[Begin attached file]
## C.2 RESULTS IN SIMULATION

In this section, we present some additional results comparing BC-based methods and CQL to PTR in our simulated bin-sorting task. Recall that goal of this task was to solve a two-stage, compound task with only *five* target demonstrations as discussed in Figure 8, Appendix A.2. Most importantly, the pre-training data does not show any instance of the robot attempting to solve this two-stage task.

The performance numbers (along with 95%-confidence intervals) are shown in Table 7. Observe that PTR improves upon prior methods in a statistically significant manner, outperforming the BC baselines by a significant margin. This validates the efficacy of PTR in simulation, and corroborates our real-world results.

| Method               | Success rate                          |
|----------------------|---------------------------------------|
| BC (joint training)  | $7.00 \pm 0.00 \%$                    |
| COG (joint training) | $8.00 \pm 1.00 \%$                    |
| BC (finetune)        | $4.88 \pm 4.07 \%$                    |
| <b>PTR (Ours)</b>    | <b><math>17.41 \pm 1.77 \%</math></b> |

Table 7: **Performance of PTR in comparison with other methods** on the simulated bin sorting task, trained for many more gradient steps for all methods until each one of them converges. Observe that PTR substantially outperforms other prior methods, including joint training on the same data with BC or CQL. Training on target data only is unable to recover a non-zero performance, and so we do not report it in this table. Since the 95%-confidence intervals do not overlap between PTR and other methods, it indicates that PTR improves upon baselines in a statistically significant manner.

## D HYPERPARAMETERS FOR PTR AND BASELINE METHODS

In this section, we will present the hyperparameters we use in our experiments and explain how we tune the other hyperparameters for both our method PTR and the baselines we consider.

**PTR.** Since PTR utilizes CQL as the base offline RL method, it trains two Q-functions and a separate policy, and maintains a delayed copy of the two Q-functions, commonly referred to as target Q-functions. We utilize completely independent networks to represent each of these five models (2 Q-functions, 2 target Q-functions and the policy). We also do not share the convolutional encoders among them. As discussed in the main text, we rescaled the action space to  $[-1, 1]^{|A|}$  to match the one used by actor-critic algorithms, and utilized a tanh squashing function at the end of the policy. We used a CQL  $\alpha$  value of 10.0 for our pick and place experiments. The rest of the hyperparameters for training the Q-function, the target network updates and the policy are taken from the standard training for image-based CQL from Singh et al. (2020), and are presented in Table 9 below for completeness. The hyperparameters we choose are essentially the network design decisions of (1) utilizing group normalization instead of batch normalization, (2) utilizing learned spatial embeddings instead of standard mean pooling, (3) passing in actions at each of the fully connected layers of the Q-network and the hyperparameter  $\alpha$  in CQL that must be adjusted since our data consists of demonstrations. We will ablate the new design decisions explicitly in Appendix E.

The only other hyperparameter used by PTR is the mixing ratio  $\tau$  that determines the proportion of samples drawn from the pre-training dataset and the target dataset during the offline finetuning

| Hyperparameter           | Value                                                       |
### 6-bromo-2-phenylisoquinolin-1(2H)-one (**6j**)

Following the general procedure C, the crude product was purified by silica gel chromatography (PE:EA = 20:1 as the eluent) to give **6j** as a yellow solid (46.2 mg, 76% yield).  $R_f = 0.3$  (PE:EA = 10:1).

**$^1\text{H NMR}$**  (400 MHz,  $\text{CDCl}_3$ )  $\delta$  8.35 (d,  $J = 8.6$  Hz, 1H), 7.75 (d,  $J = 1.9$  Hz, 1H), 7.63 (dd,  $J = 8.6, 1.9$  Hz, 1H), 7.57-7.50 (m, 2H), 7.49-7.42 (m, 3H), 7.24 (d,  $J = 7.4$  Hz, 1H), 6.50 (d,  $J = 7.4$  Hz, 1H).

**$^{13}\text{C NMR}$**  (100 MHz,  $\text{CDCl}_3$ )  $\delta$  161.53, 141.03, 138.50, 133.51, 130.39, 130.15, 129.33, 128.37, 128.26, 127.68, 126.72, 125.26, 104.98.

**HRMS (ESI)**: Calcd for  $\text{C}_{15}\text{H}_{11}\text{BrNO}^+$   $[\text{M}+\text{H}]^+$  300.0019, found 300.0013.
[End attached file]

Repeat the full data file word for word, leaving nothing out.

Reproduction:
## C.2 RESULTS IN SIMULATION

In this section, we present some additional results comparing BC-based methods and CQL to PTR in our simulated bin-sorting task. Recall that goal of this task was to solve a two-stage, compound task with only *five* target demonstrations as discussed in Figure 8, Appendix A.2. Most importantly, the pre-training data does not show any instance of the robot attempting to solve this two-stage task.

The performance numbers (along with 95%-confidence intervals) are shown in Table 7. Observe that PTR improves upon prior methods in a statistically significant manner, outperforming the BC baselines by a significant margin. This validates the efficacy of PTR in simulation, and corroborates our real-world results.

| Method               | Success rate                          |
|----------------------|---------------------------------------|
| BC (joint training)  | $7.00 \pm 0.00 \%$                    |
| COG (joint training) | $8.00 \pm 1.00 \%$                    |
| BC (finetune)        | $4.88 \pm 4.07 \%$                    |
| <b>PTR (Ours)</b>    | <b><math>17.41 \pm 1.77 \%</math></b> |

Table 7: **Performance of PTR in comparison with other methods** on the simulated bin sorting task, trained for many more gradient steps for all methods until each one of them converges. Observe that PTR substantially outperforms other prior methods, including joint training on the same data with BC or CQL. Training on target data only is unable to recover a non-zero performance, and so we do not report it in this table. Since the 95%-confidence intervals do not overlap between PTR and other methods, it indicates that PTR improves upon baselines in a statistically significant manner.

## D HYPERPARAMETERS FOR PTR AND BASELINE METHODS

In this section, we will present the hyperparameters we use in our experiments and explain how we tune the other hyperparameters for both our method PTR and the baselines we consider.

**PTR.** Since PTR utilizes CQL as the base offline RL method, it trains two Q-functions and a separate policy, and maintains a delayed copy of the two Q-functions, commonly referred to as target Q-functions. We utilize completely independent networks to represent each of these five models (2 Q-functions, 2 target Q-functions and the policy). We also do not share the convolutional encoders among them. As discussed in the main text, we rescaled the action space to  $[-1, 1]^{|A|}$  to match the one used by actor-critic algorithms, and utilized a tanh squashing function at the end of the policy. We used a CQL  $\alpha$  value of 10.0 for our pick and place experiments. The rest of the hyperparameters for training the Q-function, the target network updates and the policy are taken from the standard training for image-based CQL from Singh et al. (2020), and are presented in Table 9 below for completeness. The hyperparameters we choose are essentially the network design decisions of (1) utilizing group normalization instead of batch normalization, (2) utilizing learned spatial embeddings instead of standard mean pooling, (3) passing in actions at each of the fully connected layers of the Q-network and the hyperparameter  $\alpha$  in CQL that must be adjusted since our data consists of demonstrations. We will ablate the new design decisions explicitly in Appendix E.

The only other hyperparameter used by PTR is the mixing ratio  $\tau$  that determines the proportion of samples drawn from the pre-training dataset and the target dataset during the offline finetuning

| Hyperparameter           | Value                                                       |
### 6-bromo-2-phenylisoquinolin-1(2H)-one (**6j**)

Following the general procedure C, the crude product was purified by silica gel chromatography (PE:EA = 20:1 as the eluent) to give **6j** as a yellow solid (46.2 mg, 76% yield).  $R_f = 0.3$  (PE:EA = 10:1).

**$^1\text{H NMR}$**  (400 MHz,  $\text{CDCl}_3$ )  $\delta$  8.35 (d,  $J = 8.6$  Hz, 1H), 7.75 (d,  $J = 1.9$  Hz, 1H), 7.63 (dd,  $J = 8.6, 1.9$  Hz, 1H), 7.57-7.50 (m, 2H), 7.49-7.42 (m, 3H), 7.24 (d,  $J = 7.4$  Hz, 1H), 6.50 (d,  $J = 7.4$  Hz, 1H).

**$^{13}\text{C NMR}$**  (100 MHz,  $\text{CDCl}_3$ )  $\delta$  161.53, 141.03, 138.50, 133.51, 130.39, 130.15, 129.33, 128.37, 128.26, 127.68, 126.72, 125.26, 104.98.

**HRMS (ESI)**: Calcd for  $\text{C}_{15}\text{H}_{11}\text{BrNO}^+$   $[\text{M}+\text{H}]^+$  300.0019, found 300.0013.